How much does it really matter to invest in a Medicare plan with a low Maximum Out-Of-Pocket? On the other hand, should I just stick with what you call Bare-with-Medicare?
To answer your question, we need to explain a MOOP. This is essential to why you want to invest in a great Medicare Insurance plan and not pinch pennies on your medical insurance.
What is a MOOP?
Any insurance professional will tell you that an insurance product should provide financial protection for you and your family and heirs from catastrophic events. In other words, at a bare minimum, insurance should shield you from bankruptcy and financial ruin.
In every other personal insurance, I can think of, there’s always, always, something called a MOOP, which is a Maximum Out Of Pocket clause. These are either episodic or annual. But basically, a MOOP is financial protection should you have a bad health year accompanied by very expensive medical bills. It limits how much money—worst case scenario—you’d have to pay out of your pocket during a year. In insurance speak, these are also called Annual Maximums, stop-loss amounts, annual plan maximums, or some other variation of those terms, but the concept is the same. Once you spend a certain amount, you’re done paying out of your pocket, and the insurance company covers 100% beyond that amount.
Let’s say you get cancer. You’re in and out of the hospital; you’re seeing multiple doctors, undergoing chemotherapy, using very expensive injectable drugs, and doing physical therapy over the course of several months. I’ve seen many examples of cancer treatments running bills well over $1,000,000 in just a few months.
When you have (or have) medical insurance through your employer, those plans typically come with deductibles, coinsurance amounts, and copays. But after you pay a certain amount of money towards these in a given year, you stop paying, and the insurance company pays 100%.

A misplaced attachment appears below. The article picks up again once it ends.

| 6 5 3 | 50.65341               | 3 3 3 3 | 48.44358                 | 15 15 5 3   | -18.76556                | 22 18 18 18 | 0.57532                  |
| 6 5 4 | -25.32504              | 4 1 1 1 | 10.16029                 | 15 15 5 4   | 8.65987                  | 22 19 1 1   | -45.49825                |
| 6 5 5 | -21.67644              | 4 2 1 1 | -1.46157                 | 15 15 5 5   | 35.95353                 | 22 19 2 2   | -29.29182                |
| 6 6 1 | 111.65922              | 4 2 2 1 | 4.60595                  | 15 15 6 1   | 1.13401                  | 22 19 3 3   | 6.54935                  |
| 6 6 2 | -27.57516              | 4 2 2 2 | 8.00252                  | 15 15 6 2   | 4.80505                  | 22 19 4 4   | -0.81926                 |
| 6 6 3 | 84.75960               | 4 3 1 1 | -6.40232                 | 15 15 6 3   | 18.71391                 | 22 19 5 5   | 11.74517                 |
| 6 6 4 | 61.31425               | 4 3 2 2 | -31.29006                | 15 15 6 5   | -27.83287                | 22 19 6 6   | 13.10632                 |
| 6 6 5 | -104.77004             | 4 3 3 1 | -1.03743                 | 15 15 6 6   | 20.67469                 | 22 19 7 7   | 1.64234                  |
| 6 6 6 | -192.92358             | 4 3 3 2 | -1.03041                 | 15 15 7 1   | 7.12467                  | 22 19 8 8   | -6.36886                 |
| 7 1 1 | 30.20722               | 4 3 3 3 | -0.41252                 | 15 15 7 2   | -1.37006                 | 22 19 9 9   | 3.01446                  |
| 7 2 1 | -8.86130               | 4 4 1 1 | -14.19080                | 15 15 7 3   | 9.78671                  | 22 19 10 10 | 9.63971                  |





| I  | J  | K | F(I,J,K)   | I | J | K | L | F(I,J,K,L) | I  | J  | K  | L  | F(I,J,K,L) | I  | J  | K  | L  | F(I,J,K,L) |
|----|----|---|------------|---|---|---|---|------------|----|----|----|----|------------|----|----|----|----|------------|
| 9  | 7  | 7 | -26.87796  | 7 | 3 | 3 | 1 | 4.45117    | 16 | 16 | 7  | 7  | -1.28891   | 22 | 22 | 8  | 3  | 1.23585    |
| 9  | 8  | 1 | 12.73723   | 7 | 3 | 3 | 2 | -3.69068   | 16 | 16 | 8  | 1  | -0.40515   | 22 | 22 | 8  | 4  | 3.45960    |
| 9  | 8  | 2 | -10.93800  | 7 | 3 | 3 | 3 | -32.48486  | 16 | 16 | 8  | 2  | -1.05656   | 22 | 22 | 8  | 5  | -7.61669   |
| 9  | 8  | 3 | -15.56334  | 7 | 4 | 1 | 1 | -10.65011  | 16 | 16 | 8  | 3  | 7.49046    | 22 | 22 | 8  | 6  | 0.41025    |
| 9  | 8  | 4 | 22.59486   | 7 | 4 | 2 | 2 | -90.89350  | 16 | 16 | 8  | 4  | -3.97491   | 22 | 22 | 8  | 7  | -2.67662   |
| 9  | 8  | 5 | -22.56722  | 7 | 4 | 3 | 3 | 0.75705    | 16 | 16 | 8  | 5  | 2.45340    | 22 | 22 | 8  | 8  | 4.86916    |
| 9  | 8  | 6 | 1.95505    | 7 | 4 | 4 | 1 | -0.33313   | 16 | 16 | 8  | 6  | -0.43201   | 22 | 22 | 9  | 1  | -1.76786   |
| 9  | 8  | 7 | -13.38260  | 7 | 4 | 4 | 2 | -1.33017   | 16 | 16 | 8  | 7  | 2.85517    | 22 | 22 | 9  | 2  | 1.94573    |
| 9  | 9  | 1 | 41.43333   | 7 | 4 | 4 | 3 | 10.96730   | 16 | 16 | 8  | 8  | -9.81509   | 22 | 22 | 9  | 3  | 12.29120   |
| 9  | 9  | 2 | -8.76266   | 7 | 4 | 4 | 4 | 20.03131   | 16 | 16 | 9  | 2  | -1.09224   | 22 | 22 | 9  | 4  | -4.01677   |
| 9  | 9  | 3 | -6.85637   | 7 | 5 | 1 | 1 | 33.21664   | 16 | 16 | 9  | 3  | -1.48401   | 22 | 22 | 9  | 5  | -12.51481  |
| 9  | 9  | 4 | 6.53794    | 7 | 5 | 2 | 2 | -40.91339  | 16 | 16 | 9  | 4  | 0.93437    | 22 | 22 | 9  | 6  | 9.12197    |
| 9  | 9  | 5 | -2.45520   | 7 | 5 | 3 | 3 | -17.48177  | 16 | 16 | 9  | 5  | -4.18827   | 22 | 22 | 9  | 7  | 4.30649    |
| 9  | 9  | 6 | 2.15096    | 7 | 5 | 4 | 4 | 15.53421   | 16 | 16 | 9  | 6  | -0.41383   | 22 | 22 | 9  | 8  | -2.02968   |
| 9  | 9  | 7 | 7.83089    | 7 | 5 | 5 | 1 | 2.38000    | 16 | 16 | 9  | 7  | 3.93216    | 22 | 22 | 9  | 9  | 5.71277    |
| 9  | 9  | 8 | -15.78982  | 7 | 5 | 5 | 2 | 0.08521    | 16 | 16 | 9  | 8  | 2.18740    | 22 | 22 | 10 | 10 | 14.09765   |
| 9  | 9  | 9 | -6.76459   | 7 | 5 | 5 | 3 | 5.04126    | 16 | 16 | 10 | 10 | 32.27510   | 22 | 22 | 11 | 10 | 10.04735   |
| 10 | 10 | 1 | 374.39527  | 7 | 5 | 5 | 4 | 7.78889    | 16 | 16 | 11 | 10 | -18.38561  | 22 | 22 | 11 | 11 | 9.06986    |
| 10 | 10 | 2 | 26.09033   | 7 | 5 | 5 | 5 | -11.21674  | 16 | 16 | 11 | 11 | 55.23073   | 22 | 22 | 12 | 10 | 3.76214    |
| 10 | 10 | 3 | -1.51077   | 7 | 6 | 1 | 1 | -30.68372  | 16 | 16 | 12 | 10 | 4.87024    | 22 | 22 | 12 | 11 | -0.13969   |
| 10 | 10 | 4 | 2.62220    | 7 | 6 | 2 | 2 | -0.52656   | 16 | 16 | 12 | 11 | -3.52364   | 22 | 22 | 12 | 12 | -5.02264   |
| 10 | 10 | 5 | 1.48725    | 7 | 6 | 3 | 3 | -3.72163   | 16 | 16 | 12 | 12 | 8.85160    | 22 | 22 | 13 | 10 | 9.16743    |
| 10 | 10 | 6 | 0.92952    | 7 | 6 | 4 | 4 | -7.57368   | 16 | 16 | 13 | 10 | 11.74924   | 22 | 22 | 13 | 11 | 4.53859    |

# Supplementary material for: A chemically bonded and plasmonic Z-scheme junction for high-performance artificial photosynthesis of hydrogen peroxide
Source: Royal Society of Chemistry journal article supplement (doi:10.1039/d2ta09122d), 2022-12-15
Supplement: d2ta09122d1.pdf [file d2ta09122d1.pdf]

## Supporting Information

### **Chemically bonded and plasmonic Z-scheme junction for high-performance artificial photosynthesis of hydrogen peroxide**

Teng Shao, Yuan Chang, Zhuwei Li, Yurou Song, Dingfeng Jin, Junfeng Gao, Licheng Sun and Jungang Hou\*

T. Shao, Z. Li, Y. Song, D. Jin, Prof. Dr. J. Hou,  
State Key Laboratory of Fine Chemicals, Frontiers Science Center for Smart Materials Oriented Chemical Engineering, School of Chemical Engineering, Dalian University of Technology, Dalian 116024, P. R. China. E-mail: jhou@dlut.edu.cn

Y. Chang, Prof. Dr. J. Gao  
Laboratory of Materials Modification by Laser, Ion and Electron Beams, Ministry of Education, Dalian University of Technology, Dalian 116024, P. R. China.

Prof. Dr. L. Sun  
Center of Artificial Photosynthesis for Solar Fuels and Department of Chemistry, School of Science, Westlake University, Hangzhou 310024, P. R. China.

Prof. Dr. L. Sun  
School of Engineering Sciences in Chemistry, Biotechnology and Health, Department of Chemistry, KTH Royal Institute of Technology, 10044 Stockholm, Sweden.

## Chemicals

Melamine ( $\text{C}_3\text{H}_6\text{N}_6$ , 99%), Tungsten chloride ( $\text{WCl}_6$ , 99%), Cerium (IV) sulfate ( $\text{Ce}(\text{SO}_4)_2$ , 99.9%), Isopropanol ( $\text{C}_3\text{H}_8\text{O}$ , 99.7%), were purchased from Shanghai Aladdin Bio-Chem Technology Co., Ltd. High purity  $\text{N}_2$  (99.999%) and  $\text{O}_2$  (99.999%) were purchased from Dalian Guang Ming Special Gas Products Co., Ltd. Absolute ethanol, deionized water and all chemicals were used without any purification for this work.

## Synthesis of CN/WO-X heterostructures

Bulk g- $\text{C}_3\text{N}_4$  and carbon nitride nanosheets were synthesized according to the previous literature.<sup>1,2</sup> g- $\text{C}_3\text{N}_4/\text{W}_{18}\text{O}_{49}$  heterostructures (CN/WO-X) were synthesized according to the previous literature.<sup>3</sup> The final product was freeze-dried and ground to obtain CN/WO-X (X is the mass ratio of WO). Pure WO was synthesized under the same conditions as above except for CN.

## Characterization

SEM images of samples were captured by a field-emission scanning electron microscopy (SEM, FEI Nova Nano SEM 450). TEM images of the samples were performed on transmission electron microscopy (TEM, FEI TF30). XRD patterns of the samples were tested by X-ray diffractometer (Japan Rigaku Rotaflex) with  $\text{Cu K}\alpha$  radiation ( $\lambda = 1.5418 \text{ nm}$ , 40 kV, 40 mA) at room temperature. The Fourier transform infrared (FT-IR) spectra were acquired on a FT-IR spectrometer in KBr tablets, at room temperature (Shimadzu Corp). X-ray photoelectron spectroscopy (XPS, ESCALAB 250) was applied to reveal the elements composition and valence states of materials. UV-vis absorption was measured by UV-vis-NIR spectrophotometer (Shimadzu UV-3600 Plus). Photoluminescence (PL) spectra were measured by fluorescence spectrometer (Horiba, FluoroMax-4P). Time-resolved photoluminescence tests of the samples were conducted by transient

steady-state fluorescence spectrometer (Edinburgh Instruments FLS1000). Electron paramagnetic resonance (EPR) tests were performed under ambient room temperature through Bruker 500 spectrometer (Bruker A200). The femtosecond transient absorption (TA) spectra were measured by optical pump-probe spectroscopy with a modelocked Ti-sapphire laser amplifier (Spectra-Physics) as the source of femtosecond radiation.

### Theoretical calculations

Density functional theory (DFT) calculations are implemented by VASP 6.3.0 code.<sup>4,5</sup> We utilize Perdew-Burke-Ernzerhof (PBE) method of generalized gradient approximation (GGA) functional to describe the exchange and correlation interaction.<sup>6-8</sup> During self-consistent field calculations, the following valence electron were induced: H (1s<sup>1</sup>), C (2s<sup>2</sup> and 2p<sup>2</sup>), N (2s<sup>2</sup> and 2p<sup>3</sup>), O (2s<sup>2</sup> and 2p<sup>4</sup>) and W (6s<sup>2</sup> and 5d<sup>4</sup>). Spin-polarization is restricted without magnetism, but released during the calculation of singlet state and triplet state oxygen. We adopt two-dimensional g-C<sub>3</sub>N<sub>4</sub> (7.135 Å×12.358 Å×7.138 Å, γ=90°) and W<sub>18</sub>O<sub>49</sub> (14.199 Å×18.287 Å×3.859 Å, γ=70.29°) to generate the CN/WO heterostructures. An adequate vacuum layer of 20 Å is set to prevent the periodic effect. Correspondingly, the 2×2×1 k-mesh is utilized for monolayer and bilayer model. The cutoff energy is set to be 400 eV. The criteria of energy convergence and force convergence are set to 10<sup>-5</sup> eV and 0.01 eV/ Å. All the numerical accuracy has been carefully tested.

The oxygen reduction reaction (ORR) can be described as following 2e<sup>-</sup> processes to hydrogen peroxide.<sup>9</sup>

What is the MOOP for Original Medicare?
Original Medicare doesn’t have a MOOP. I don’t know why. It doesn’t make any sense why it doesn’t. So if you’ve got Original Medicare and no other Medicare insurance on top of that or in place of that, you have no annual or lifetime cap on how much you could pay.
There’s simply no limit to how much you can be charged if you get really sick and you only have Original Medicare, which is why many people buy other Medicare insurance. Think about it. It doesn’t make any sense. When you buy homeowner’s insurance, and your house burns down, you typically pay your deductible, and the insurance company pays 100% of the cost of replacement or rebuild. When you buy car insurance and total your car, you’ll usually pay your deductible. The insurance company pays for a new one or cuts you a check for 100% of its residual value.
In other words, insurance in those situations limits your maximum out-of-pocket responsibility to a certain dollar amount or a certain percentage. I can’t come up with any other examples in the wild, wonderful world of insurance where there’s simply no cap—no limit on the amount of out-of-pocket you could potentially be on the hook for except if you stay on Original Medicare Parts A and B with no additional medical insurance like a supplement or Medicare Advantage.
Here’s a scenario to consider.
If you have Bare-with-Medicare and are hospitalized for 100 days, you’ll owe around $15,000 for that one visit.
Then, of course, there are going to be follow-up doctor’s visits for which you must pay your annual Medicare Part B deductible plus 20% of each doctor’s visit and prescription drugs. The list goes on. It’s not too hard to see how a bad health event that requires a long hospital stay could result in you owing your hospitals and doctors more than $50,000. Of course, that example doesn’t even factor in the cost of items not covered by Original Medicare, such as eyewear, dental procedures, your Part D prescription costs, and other medications or physical aides you may need. And those don’t even count towards the MOOP if you’re Bare-with-Medicare.
Today, approximately 25% of all people on Medicare go Bare-with- Medicare and stick with Original Medicare for their health insurance coverage. Knowing what I know, I certainly wouldn’t, especially without a MOOP.
I hope this helps!
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Author Bio Matt Feret is the author of the Prepare for Social Security -The Insider’s Guide and the Prepare for Medicare – The Insider’s Guide book series and launched PrepareforSocialSecurity.com to help people get objective answers to questions about Social Security and Medicare. Matt is also the host of The Matt Feret Show. He has held leadership roles at numerous Fortune 500 Medicare health insurers in sales, marketing, operations, product development, and strategy for over two decades.